While Jesus was at the passover he signalized himself in the metropolis, by driving the buyers and sellers out of the temple, and by pouring out the changers' money, and overturning their tables. It seems, the officers, whose province it was to take care of the temple, permitted a market of oxen, sheep, doves, and other things necessary for sacrifice, to be kept in the court of the Gentiles; by which means, there was often such a bustle and confusion there, that the proselytes, who came up to worship; could not but be much disturbed in their devotions. The changers of money were people who gave the Jews from foreign countries current money of Judea, in lieu of the money of the countries from whence they had come, and, for that service, took a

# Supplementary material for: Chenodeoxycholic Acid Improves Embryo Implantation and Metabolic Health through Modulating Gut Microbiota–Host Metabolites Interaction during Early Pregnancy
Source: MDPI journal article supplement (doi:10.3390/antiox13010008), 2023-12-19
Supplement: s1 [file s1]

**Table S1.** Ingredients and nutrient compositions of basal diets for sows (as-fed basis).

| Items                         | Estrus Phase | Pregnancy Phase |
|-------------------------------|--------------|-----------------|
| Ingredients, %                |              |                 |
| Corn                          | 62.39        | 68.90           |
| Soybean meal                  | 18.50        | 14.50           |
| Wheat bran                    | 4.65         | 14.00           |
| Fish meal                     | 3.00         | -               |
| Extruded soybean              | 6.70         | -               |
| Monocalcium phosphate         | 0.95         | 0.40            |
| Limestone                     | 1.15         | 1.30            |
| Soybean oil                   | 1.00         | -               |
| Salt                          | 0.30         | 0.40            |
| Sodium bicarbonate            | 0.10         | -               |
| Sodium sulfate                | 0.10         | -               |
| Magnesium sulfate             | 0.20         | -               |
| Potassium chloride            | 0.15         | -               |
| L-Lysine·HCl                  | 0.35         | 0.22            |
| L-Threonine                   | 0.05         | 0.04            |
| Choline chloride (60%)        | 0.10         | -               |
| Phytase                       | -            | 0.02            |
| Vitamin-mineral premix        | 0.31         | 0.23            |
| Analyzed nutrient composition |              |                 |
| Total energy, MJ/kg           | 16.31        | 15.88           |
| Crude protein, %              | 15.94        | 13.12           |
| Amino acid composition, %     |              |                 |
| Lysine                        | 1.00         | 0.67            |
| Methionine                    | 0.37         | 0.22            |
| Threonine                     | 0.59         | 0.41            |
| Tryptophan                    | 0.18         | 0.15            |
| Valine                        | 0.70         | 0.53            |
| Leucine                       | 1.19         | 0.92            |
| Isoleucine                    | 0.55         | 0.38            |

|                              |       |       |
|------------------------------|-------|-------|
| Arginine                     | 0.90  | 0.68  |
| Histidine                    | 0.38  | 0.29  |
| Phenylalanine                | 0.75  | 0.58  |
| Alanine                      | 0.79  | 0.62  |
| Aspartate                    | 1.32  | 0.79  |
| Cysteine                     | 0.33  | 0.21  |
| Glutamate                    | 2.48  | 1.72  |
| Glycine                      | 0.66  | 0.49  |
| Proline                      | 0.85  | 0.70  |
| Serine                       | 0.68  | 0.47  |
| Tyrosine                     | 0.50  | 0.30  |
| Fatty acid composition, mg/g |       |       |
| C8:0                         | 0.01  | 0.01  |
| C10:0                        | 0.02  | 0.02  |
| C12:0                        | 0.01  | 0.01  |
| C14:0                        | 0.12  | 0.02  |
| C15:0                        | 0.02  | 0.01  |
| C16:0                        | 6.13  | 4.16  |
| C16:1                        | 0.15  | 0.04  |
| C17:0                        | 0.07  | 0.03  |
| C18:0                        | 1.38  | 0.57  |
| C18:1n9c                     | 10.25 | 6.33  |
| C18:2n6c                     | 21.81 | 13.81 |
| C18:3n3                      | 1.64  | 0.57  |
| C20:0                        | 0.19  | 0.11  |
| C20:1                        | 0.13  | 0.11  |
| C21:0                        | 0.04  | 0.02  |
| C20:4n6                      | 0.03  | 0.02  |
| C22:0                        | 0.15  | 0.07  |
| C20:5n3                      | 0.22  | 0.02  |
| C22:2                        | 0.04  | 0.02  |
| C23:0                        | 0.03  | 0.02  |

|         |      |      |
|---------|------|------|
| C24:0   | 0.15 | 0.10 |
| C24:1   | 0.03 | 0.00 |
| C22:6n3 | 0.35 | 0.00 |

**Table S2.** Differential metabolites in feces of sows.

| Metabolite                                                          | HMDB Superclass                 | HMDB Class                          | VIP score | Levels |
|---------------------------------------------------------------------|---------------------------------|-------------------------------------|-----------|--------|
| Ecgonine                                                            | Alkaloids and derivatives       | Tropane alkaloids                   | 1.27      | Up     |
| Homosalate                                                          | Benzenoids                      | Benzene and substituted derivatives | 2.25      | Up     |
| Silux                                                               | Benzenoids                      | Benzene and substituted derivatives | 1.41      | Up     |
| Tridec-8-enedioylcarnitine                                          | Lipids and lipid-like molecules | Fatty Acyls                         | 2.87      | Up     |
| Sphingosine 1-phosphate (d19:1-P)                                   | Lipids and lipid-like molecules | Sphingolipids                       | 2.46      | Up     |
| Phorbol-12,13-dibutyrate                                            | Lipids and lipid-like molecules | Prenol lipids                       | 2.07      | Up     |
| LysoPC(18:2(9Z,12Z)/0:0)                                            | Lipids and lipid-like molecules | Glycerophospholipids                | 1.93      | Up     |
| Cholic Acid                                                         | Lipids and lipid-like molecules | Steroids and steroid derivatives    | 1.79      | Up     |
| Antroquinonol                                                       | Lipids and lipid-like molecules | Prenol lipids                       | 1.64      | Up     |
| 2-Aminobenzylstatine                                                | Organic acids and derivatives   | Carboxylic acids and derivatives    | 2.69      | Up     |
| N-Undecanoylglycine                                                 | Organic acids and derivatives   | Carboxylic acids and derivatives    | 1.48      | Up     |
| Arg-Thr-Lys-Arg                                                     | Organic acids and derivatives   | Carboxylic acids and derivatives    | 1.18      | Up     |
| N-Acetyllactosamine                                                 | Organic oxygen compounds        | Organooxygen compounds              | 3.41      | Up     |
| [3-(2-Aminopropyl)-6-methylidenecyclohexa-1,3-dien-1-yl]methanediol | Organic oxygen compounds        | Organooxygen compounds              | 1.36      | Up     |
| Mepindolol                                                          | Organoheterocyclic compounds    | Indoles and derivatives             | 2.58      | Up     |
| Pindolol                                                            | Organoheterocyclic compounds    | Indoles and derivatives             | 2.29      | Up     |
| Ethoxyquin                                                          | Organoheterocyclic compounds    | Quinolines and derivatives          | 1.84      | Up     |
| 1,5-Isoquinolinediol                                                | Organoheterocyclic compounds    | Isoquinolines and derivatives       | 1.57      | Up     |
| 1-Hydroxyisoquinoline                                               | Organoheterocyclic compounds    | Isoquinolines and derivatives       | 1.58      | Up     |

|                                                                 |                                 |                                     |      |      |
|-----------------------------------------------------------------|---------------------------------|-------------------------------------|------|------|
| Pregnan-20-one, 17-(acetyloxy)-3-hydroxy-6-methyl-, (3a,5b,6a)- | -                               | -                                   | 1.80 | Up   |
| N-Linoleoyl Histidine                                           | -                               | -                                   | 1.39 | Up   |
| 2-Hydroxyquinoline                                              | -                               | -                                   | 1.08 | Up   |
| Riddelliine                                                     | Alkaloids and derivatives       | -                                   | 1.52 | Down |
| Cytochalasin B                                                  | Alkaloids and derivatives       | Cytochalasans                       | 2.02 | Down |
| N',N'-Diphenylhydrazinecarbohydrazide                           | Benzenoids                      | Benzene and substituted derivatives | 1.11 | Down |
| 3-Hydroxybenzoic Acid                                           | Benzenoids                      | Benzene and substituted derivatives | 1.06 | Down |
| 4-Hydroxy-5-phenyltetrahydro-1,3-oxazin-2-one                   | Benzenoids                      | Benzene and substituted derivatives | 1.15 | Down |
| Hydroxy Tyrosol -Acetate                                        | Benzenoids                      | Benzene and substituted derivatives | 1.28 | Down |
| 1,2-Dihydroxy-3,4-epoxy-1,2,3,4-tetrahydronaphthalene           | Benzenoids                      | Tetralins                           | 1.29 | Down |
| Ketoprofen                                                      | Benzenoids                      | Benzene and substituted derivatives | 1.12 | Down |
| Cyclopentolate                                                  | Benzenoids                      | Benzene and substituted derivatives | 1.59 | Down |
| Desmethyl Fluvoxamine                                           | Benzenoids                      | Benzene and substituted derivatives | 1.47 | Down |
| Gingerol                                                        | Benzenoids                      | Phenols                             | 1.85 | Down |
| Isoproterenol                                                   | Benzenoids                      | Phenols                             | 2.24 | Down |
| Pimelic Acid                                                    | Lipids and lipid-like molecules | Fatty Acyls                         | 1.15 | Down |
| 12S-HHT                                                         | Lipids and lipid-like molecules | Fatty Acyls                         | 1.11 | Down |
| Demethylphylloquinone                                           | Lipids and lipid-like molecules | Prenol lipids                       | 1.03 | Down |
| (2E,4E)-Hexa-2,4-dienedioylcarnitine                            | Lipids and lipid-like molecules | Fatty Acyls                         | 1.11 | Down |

small premium, in which the profits of their business consisted. These being gross profanations of a place set apart for the worship of God, Jesus thought fit to correct them, and he had a right to do it because the temple was his own house. [Mal. iii. 1.] And when he had made a scourge of small cords, (with which they were used to tie the beasts to some rings fixed in the pavement for that purpose,) he drove them all out of the temple, and the sheep, and the oxen, and poured out the changers' money, and overthrew the tables. And said unto them that sold doves, Take these things hence, the cages wherein the pigeons were exposed to sale, pointing to them, make not my Father's house an house of merchandise; make not the temple, which is dedicated to the worship of God, a place for carrying on low traffic. It is remarkable, that the persons in the fault did not offer to make the least resistance, probably, consciousness of guilt restrained them, or the wonderful things which Jesus had performed at this festival made them afraid to resist him. Or they may have been intimidated by the energy of our Lord's miraculous power on their minds. Nevertheless, in the apprehension of the disciples, he exposed himself to great danger, by turning out a body of factious men whom the priests and rulers supported. On this occasion, therefore, they called to mind that text in the Psalms, where it is said, "The zeal of thine house hath eaten me up," imputing their Master's action to such a concern for the purity of God's worship, as the Psalmist of old was animated by. The truth is, this affair had the marks of an extraordinary zeal, a zeal nothing inferior to what the prophets were famed for, which was the reason the rulers came to him, and desired to know by what authority he had undertaken singly to make such a reformation in the house and worship of God, especially in reference to matters which had been declared lawful by the council, and the doctors of the greatest reputation. And if he had any real authority for doing such things, they required him to shew it them, by working a greater miracle than he had hitherto done. Jesus replied by referring them to the miracle of his own resurrection. Only in appealing to it as a proof of his mission from God, he prudently expressed himself in terms somewhat obscure, that the Jews might not be hindered from accomplishing the divine purpose. Destroy this temple, and in three days I will raise it up, pointing, perhaps, to his body, which, with the greatest propriety, he called a temple, on account of the divinity residing in it. But they, supposing that he spoke of Herod's temple in which they were standing, replied, Forty and six years was this temple in building, and wilt thou rear it up in three days? but he spake of the temple of his body. When, therefore, he was risen from the dead, his disciples remembered that he said this unto them; and they believed the scripture, and the word which Jesus had said. They believed the scriptures, which predicted Messiah's death; and they believed the more firmly in their Master, on account of this prophecy, which, by foretelling his resurrection so long before-hand, rendered that event, when it happened, a more illustrious proof of his mission from God.